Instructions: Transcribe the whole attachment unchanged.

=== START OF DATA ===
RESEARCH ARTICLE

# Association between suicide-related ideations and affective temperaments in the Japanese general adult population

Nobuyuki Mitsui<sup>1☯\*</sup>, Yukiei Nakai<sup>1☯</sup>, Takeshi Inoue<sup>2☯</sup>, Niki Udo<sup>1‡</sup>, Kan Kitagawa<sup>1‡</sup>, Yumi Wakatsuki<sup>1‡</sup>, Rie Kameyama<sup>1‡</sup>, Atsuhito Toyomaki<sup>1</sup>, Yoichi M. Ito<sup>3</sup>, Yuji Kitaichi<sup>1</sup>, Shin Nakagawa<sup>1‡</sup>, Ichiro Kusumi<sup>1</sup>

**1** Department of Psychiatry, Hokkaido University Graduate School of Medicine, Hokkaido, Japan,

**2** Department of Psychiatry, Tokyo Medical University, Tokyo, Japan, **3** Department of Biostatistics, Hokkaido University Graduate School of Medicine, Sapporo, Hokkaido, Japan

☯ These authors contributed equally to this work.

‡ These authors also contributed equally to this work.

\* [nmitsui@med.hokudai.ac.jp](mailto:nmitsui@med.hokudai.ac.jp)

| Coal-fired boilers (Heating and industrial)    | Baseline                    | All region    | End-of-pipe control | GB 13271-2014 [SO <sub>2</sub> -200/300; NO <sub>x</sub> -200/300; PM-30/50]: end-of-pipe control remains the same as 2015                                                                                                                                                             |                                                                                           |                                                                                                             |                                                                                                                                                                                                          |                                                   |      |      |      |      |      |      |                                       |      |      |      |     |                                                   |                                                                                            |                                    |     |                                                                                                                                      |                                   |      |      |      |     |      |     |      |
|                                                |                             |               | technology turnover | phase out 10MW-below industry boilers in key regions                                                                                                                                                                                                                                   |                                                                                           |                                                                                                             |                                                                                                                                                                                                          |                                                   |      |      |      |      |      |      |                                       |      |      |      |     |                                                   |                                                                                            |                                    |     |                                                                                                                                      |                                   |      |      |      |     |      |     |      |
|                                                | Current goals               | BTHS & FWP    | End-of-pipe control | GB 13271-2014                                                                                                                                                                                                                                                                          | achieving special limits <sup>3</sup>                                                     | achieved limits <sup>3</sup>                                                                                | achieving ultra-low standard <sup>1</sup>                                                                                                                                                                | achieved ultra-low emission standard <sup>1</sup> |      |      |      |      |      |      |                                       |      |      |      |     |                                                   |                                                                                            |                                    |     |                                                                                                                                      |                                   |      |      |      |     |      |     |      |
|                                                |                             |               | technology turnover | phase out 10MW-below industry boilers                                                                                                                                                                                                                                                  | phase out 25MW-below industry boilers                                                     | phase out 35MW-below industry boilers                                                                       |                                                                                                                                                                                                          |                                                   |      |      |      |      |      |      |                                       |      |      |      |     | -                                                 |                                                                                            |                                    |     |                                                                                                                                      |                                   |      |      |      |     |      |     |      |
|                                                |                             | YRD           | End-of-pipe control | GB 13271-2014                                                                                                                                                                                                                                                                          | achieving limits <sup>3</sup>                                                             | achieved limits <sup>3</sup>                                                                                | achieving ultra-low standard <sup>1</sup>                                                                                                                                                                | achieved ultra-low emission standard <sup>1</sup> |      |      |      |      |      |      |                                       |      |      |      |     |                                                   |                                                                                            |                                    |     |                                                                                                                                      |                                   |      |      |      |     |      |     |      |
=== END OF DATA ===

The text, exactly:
RESEARCH ARTICLE

# Association between suicide-related ideations and affective temperaments in the Japanese general adult population

Nobuyuki Mitsui<sup>1☯\*</sup>, Yukiei Nakai<sup>1☯</sup>, Takeshi Inoue<sup>2☯</sup>, Niki Udo<sup>1‡</sup>, Kan Kitagawa<sup>1‡</sup>, Yumi Wakatsuki<sup>1‡</sup>, Rie Kameyama<sup>1‡</sup>, Atsuhito Toyomaki<sup>1</sup>, Yoichi M. Ito<sup>3</sup>, Yuji Kitaichi<sup>1</sup>, Shin Nakagawa<sup>1‡</sup>, Ichiro Kusumi<sup>1</sup>

**1** Department of Psychiatry, Hokkaido University Graduate School of Medicine, Hokkaido, Japan,

**2** Department of Psychiatry, Tokyo Medical University, Tokyo, Japan, **3** Department of Biostatistics, Hokkaido University Graduate School of Medicine, Sapporo, Hokkaido, Japan

☯ These authors contributed equally to this work.

‡ These authors also contributed equally to this work.

\* [nmitsui@med.hokudai.ac.jp](mailto:nmitsui@med.hokudai.ac.jp)

| Coal-fired boilers (Heating and industrial)    | Baseline                    | All region    | End-of-pipe control | GB 13271-2014 [SO <sub>2</sub> -200/300; NO <sub>x</sub> -200/300; PM-30/50]: end-of-pipe control remains the same as 2015                                                                                                                                                             |                                                                                           |                                                                                                             |                                                                                                                                                                                                          |                                                   |      |      |      |      |      |      |                                       |      |      |      |     |                                                   |                                                                                            |                                    |     |                                                                                                                                      |                                   |      |      |      |     |      |     |      |
|                                                |                             |               | technology turnover | phase out 10MW-below industry boilers in key regions                                                                                                                                                                                                                                   |                                                                                           |                                                                                                             |                                                                                                                                                                                                          |                                                   |      |      |      |      |      |      |                                       |      |      |      |     |                                                   |                                                                                            |                                    |     |                                                                                                                                      |                                   |      |      |      |     |      |     |      |
|                                                | Current goals               | BTHS & FWP    | End-of-pipe control | GB 13271-2014                                                                                                                                                                                                                                                                          | achieving special limits <sup>3</sup>                                                     | achieved limits <sup>3</sup>                                                                                | achieving ultra-low standard <sup>1</sup>                                                                                                                                                                | achieved ultra-low emission standard <sup>1</sup> |      |      |      |      |      |      |                                       |      |      |      |     |                                                   |                                                                                            |                                    |     |                                                                                                                                      |                                   |      |      |      |     |      |     |      |
|                                                |                             |               | technology turnover | phase out 10MW-below industry boilers                                                                                                                                                                                                                                                  | phase out 25MW-below industry boilers                                                     | phase out 35MW-below industry boilers                                                                       |                                                                                                                                                                                                          |                                                   |      |      |      |      |      |      |                                       |      |      |      |     | -                                                 |                                                                                            |                                    |     |                                                                                                                                      |                                   |      |      |      |     |      |     |      |
|                                                |                             | YRD           | End-of-pipe control | GB 13271-2014                                                                                                                                                                                                                                                                          | achieving limits <sup>3</sup>                                                             | achieved limits <sup>3</sup>                                                                                | achieving ultra-low standard <sup>1</sup>                                                                                                                                                                | achieved ultra-low emission standard <sup>1</sup> |      |      |      |      |      |      |                                       |      |      |      |     |                                                   |                                                                                            |                                    |     |                                                                                                                                      |                                   |      |      |      |     |      |     |      |